Claudia Grisales

House Speaker Nancy Pelosi took aim Thursday at Republican leadership, saying the GOP had ignored a wave of threats and comments by Rep. Marjorie Taylor Greene, R-Ga., a promoter of QAnon and other conspiracy theories, and placed her on the House Education Committee despite her questioning of school shootings.

"What could they be thinking?" Pelosi told reporters. "Or is 'thinking' too generous a word for what they may be doing?"

The House of Representatives and Senate approved a waiver Thursday for retired Army Gen. Lloyd Austin to serve as President Biden's defense secretary. Both votes were overwhelming and bipartisan.

Normally the House has no role in confirming Cabinet secretaries. But Austin retired from the military four years ago, short of the seven years required by law to take the civilian job without a waiver from both houses of Congress.

A Senate vote on Austin's confirmation is expected as soon as Friday.

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NOEL KING, HOST:

Updated at 7:25 p.m. ET

As thousands of National Guard troops now buttress security in Washington, D.C., and the nation, former U.S. Capitol Police Chief Steven Sund is standing by his actions, and those of his agency, on Jan. 6 — the day pro-Trump rioters attacked the Capitol under his watch.

In an interview with NPR, Sund says he had already planned to have 1,400 to 1,500 officers on duty, "all hands on deck." He said Capitol Police expected a large crowd but said nothing prepared them for what actually happened.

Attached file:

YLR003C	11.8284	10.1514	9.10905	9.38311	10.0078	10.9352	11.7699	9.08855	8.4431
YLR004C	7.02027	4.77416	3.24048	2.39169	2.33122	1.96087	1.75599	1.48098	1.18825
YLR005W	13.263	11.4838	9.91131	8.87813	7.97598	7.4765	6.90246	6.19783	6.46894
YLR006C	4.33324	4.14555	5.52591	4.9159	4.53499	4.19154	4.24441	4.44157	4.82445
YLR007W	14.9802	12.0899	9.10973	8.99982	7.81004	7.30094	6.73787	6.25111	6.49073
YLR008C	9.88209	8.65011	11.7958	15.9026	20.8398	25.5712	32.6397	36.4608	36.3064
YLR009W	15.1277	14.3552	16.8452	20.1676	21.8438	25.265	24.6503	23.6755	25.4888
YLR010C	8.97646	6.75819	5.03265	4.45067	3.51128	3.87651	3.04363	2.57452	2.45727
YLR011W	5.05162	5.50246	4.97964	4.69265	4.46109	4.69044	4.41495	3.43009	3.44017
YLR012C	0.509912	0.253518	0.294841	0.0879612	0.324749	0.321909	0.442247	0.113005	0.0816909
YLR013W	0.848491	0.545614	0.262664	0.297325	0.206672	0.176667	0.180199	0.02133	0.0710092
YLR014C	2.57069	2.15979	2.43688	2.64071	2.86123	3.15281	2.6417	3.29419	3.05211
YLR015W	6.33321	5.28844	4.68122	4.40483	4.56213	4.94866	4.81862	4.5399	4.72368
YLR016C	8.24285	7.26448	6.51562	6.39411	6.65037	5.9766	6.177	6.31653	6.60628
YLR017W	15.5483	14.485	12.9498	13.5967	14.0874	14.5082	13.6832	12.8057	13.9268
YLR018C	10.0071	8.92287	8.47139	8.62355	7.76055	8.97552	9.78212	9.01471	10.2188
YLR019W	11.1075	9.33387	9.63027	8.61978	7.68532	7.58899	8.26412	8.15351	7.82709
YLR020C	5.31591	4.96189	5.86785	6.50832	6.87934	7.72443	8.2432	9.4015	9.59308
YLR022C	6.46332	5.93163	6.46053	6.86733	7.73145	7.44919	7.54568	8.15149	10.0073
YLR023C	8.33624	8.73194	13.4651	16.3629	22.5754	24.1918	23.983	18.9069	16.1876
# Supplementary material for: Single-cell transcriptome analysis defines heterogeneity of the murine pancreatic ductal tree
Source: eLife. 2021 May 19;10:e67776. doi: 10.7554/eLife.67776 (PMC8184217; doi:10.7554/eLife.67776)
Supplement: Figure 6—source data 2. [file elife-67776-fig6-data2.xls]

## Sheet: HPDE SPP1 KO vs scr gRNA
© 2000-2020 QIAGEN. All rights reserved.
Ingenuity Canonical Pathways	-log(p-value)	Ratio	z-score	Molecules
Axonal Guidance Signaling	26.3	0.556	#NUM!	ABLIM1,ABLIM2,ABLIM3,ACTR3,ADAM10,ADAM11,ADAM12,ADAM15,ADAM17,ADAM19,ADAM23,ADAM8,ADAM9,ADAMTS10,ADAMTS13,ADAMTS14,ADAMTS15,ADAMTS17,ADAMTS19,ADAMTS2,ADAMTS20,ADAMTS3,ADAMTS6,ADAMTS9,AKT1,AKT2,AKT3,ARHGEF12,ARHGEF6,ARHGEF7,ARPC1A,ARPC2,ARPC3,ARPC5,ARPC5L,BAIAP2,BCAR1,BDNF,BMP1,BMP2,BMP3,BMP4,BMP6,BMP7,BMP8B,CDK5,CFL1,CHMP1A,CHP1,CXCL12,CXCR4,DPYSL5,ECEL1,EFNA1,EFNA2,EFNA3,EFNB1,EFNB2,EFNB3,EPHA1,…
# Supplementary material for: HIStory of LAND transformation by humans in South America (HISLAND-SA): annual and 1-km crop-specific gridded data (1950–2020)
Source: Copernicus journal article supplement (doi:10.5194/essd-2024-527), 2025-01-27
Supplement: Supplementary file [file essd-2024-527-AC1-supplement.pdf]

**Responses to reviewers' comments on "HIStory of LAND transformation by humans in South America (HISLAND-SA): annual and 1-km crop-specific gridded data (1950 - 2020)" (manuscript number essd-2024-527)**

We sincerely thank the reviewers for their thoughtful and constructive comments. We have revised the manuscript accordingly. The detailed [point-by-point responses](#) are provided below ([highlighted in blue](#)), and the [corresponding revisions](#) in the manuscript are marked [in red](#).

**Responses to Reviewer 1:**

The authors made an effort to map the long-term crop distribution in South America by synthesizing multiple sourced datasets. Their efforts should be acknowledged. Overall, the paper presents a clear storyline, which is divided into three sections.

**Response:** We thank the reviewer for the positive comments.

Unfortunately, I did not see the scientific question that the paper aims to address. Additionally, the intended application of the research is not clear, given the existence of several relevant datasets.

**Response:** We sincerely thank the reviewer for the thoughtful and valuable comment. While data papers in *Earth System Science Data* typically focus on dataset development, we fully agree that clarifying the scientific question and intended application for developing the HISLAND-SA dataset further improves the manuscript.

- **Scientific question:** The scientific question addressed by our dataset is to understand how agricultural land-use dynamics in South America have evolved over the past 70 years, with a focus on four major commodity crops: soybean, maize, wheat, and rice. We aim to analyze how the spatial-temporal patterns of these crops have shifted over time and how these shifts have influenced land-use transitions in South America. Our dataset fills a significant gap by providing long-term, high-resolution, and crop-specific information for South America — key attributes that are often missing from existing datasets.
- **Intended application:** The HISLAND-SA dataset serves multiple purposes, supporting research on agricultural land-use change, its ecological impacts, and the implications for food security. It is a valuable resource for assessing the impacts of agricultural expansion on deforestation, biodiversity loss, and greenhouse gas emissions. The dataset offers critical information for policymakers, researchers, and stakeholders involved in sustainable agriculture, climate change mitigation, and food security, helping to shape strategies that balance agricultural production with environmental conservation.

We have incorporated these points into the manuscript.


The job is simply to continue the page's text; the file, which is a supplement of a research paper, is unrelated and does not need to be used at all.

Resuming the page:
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AILSA CHANG, HOST:

A significant share of Republicans plan to object to the Electoral College vote results, slowing down the inevitable that Joe Biden will be the next president.

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DON GONYEA, HOST:

Updated at 5:03 p.m. ET

President Trump has followed through on his threats to veto the annual defense bill, triggering plans for Congress to return from its holiday break to potentially override him for the first time in his four-year administration.

"My Administration has taken strong actions to help keep our Nation safe and support our service members," Trump wrote in a message to the House of Representatives. "I will not approve this bill, which would put the interests of the Washington, D.C. establishment over those of the American people."

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MARY LOUISE KELLY, HOST:

President Trump has ignited a firestorm, threatening the viability of a $900 billion coronavirus relief package. His objection - the direct payments of $600 included in the package. He says they're too low.

(SOUNDBITE OF ARCHIVED RECORDING)

Top leaders and rank-and-file members of Congress are taking part in the first round of COVID-19 vaccinations, a move that could accelerate plans for Congress to return to business as usual. But not all lawmakers agree on who should get priority as millions of Americans in high-risk groups still await their turn.

The Capitol's attending physician, Brian Monahan, alerted its more than 500 lawmakers this month that they're now eligible to get the Pfizer-BioNTech vaccine under continuity-of-government requirements.

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